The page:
In scholarship and research, having a problem is at the heart of the investigative process; it is the compound of the generative questions around which all creative and productive activity revolves. But in one's teaching, a "problem" is something you don't want to have, and if you have one, you probably want to fix it. Changing the status of the problem in teaching from terminal remediation to ongoing investigation is precisely what the movement for a scholarship of teaching is all about ("The Scholarship of Teaching: What's the Problem?" Inventio, 1998-99, online journal at

Even faculty like Bass, who identify "problems" they want to explore and have the intellectual tools for doing so, face the reality that they live and work in a culture (on their campus and/or in their scholarly or professional community) that is only beginning to be receptive to such work. Doing it is a risk, both in terms of tenure and promotion and in terms of wider impact on the field, since there are as yet few channels for other faculty to come upon and engage with this work in ways that will make a lasting difference. And, of course, there's the issue of time. In short, the scholarship of teaching runs against the grain in big ways.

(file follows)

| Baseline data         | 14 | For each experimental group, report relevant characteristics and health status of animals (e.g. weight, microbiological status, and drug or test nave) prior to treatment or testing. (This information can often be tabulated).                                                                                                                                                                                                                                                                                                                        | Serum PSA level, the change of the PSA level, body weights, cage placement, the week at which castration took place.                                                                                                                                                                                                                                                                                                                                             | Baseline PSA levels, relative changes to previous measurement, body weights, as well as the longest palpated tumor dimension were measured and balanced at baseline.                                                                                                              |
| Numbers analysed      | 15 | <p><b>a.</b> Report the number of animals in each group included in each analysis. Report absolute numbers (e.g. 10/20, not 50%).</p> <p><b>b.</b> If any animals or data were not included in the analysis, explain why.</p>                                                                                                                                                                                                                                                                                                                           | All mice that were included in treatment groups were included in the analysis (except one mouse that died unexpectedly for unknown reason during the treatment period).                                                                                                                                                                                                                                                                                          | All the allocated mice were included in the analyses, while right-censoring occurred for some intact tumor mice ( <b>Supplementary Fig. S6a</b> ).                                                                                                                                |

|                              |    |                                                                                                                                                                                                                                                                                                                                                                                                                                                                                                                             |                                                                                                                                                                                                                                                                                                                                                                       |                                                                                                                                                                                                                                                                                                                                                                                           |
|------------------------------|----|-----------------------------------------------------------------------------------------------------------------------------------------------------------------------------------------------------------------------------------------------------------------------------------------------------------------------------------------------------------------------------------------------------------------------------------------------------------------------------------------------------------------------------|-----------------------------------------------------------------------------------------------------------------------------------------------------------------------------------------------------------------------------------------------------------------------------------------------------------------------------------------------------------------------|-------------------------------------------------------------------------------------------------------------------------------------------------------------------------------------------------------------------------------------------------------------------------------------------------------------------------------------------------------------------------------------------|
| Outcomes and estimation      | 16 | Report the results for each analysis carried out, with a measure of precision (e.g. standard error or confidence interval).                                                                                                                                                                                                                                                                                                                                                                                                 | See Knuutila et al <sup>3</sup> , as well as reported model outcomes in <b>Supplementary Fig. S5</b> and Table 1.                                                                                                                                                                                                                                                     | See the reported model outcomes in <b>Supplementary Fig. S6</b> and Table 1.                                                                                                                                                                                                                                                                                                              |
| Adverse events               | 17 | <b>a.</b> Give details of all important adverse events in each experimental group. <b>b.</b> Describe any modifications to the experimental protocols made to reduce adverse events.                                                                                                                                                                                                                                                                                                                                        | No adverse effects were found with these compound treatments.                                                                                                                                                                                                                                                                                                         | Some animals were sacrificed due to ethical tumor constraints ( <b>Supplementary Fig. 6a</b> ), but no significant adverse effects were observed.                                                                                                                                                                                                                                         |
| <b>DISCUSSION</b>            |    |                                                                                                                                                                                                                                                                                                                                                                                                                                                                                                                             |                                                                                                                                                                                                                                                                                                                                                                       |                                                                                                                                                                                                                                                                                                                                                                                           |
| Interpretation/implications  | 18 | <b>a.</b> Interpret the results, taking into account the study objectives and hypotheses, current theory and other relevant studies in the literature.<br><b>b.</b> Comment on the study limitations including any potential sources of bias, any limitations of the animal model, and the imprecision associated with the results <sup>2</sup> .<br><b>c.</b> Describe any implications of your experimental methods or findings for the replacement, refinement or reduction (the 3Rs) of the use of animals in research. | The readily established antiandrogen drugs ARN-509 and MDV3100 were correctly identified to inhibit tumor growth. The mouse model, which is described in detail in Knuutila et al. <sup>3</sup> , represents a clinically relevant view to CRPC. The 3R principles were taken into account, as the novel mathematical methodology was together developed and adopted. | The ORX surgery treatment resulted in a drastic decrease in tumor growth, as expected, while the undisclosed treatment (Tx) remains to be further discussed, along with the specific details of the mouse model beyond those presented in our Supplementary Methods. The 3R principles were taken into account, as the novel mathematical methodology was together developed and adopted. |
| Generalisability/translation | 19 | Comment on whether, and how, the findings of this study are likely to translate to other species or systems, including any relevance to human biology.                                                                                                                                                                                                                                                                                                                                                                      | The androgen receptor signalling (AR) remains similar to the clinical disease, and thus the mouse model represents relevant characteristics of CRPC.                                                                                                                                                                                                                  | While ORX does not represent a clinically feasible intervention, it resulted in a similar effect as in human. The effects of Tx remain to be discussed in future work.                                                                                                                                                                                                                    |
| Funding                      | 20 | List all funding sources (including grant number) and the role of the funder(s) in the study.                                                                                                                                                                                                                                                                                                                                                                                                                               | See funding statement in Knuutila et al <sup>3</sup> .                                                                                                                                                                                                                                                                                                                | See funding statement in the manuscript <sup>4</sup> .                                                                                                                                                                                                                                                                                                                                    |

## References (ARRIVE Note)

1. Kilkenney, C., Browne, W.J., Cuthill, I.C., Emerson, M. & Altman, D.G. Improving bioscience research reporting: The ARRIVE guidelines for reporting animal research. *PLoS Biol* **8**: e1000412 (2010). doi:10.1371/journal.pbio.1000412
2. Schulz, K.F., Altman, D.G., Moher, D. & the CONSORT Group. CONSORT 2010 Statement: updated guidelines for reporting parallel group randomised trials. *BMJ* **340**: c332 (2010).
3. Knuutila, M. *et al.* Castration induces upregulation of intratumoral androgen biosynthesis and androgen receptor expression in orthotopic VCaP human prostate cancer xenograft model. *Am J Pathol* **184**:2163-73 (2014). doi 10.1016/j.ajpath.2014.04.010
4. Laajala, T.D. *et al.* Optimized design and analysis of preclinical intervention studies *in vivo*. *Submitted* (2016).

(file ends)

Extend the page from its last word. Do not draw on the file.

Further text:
Moreover, there are hard intellectual questions yet to be hashed out. One is suggested by a recent e-mail we received from one of the Carnegie Scholars. "Personally," he says, "I can be perfectly content in my own world to continue doing this kind of work because it helps me develop pedagogical expertise and I think students will benefit from that. But I wonder whether this work and the knowledge it 'creates' will be credible with others. Presently I believe that it will not be well received by those in my discipline because it does not use 'credible' methods of inquiry." At issue here, as readers will see, is not only this individual's motivation to do the scholarship of teaching, but also a larger set of issues related to methods and rules of evidence, and therefore to issues of rigor and credibility. Put simply: Will this work "make it" as "scholarship"?